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Superior Numbers – Land Counts
Editor’s Note: We’ve re-filtered the way the below data was acquired. A lengthier explanation and updated evaluation on average card type distribution can be found here.
This land was made for you and me
The average deck on EDHREC is running 29 lands and four mana rocks. Is that number too high or too low?
Welcome to Superior Numbers, where I try to do numerical analysis on cards and deck building trends using slightly more math and slightly less snark than in my usual column.
The first few times around in this series we took a look at individual cards, but this time around we’re going to go a few levels higher and take a look at the average amount of lands being ran in EDH decks in our database.
This stats dive was prompted by the last column I wrote, where I examined Vedalken Orrery. Over the course of goldfishing a hundred or so hands with random decks online, I noticed that I was unable to hit four colorless mana by turn four way more often than I would have thought, and by and large this seemed to be due to a dearth of both lands and mana rocks in the decks I was testing. How to find out for sure though?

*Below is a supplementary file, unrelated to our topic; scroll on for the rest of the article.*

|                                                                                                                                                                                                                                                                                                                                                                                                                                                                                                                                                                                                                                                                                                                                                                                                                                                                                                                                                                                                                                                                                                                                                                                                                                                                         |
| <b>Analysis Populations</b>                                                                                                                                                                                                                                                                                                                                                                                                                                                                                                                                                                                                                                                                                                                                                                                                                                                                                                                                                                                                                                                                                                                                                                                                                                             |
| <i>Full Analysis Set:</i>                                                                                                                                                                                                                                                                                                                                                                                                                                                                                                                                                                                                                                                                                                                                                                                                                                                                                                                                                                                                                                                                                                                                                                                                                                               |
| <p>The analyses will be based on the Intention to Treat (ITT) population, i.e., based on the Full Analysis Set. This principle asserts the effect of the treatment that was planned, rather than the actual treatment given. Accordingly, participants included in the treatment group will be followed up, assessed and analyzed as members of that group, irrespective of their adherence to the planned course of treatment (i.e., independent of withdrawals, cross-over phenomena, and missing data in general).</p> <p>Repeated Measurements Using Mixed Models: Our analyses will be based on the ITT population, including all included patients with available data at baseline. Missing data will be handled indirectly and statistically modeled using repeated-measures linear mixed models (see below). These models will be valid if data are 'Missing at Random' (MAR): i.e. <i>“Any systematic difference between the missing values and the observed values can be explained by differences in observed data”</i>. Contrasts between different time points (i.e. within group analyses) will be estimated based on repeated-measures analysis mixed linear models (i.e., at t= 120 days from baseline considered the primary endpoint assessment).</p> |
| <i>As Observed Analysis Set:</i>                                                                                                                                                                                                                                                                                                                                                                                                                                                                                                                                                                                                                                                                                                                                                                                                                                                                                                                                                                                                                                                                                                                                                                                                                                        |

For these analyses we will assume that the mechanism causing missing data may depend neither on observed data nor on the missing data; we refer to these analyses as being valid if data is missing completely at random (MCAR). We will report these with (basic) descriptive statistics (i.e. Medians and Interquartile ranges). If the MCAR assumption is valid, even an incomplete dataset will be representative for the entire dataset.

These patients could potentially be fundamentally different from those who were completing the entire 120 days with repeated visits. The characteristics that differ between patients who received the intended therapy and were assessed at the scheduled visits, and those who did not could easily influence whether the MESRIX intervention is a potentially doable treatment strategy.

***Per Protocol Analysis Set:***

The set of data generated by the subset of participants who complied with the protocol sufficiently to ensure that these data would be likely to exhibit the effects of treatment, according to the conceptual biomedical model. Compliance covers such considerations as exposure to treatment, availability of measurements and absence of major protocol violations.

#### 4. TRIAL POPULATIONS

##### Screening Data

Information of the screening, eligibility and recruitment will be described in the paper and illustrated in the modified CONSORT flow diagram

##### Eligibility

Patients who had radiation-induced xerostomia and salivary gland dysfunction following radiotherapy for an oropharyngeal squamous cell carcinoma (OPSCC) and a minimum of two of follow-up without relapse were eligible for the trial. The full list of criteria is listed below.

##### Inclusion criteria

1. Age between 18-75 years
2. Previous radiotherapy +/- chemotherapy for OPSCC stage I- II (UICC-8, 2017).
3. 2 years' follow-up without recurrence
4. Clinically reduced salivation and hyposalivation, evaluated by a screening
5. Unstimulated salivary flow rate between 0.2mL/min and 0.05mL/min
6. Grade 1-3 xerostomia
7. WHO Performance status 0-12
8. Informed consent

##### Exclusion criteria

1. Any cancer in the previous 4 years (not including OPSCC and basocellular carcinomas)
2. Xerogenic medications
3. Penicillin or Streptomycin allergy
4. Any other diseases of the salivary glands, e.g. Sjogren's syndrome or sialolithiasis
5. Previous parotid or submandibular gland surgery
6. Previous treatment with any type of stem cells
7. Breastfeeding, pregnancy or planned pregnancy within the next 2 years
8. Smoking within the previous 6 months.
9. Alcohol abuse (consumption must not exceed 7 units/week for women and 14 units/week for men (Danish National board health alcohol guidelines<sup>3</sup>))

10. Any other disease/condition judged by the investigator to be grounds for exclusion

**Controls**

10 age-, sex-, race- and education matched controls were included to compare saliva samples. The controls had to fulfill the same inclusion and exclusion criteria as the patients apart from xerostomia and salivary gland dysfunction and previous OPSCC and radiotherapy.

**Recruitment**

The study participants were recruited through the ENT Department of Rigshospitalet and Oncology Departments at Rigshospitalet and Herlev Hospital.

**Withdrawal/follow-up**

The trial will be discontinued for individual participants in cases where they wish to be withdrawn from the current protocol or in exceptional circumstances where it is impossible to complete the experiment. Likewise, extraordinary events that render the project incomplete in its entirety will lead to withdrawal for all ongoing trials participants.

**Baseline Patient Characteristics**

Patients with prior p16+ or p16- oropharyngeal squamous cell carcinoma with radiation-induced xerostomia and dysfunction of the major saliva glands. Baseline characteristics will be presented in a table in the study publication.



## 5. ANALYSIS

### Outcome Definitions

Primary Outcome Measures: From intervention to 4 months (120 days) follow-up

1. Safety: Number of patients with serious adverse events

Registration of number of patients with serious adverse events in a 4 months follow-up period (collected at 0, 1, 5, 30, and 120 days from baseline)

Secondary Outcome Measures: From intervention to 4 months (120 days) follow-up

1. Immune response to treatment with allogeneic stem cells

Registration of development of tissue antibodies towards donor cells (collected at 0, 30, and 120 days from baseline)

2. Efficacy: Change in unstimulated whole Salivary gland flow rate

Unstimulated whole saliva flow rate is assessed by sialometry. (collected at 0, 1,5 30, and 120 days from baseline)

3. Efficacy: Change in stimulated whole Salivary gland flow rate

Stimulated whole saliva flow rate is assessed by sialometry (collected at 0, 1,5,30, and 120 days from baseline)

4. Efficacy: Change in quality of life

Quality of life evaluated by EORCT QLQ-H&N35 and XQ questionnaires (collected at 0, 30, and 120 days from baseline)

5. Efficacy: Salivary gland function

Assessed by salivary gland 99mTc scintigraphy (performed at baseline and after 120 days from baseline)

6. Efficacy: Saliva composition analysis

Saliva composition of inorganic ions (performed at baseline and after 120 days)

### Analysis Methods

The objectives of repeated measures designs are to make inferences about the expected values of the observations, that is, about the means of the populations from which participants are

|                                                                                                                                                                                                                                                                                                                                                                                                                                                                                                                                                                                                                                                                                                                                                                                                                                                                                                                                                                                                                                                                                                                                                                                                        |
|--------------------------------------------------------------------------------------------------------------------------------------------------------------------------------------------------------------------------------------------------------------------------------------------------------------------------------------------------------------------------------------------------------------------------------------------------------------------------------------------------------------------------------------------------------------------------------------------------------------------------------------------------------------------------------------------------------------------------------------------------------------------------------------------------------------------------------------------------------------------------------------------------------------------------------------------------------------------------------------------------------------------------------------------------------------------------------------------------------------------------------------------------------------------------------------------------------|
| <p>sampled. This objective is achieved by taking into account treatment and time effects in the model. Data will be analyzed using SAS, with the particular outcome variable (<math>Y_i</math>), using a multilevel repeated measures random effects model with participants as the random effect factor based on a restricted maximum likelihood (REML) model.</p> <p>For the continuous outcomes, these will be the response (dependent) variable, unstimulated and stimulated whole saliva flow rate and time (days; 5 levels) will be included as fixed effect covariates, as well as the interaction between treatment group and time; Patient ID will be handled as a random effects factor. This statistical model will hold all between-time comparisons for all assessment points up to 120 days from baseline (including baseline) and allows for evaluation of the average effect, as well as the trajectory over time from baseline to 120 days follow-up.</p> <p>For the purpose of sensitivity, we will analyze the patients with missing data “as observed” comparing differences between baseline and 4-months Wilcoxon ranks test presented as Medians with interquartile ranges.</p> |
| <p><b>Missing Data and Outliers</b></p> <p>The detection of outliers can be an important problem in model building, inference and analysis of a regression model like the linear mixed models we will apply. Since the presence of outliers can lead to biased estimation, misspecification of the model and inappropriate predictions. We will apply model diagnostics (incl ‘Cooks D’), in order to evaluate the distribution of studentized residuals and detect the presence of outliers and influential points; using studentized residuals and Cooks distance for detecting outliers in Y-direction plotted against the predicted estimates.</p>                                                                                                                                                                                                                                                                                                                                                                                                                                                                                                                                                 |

Don Miner to the rescue!
EDHREC mastermind and unrepentant stax player Donald Miner did a little custom stat parsing for me, and pulled the following information from our database:
- The average deck on EDHREC is running just over 29 lands.
- Decks added in the last year average 31 lands.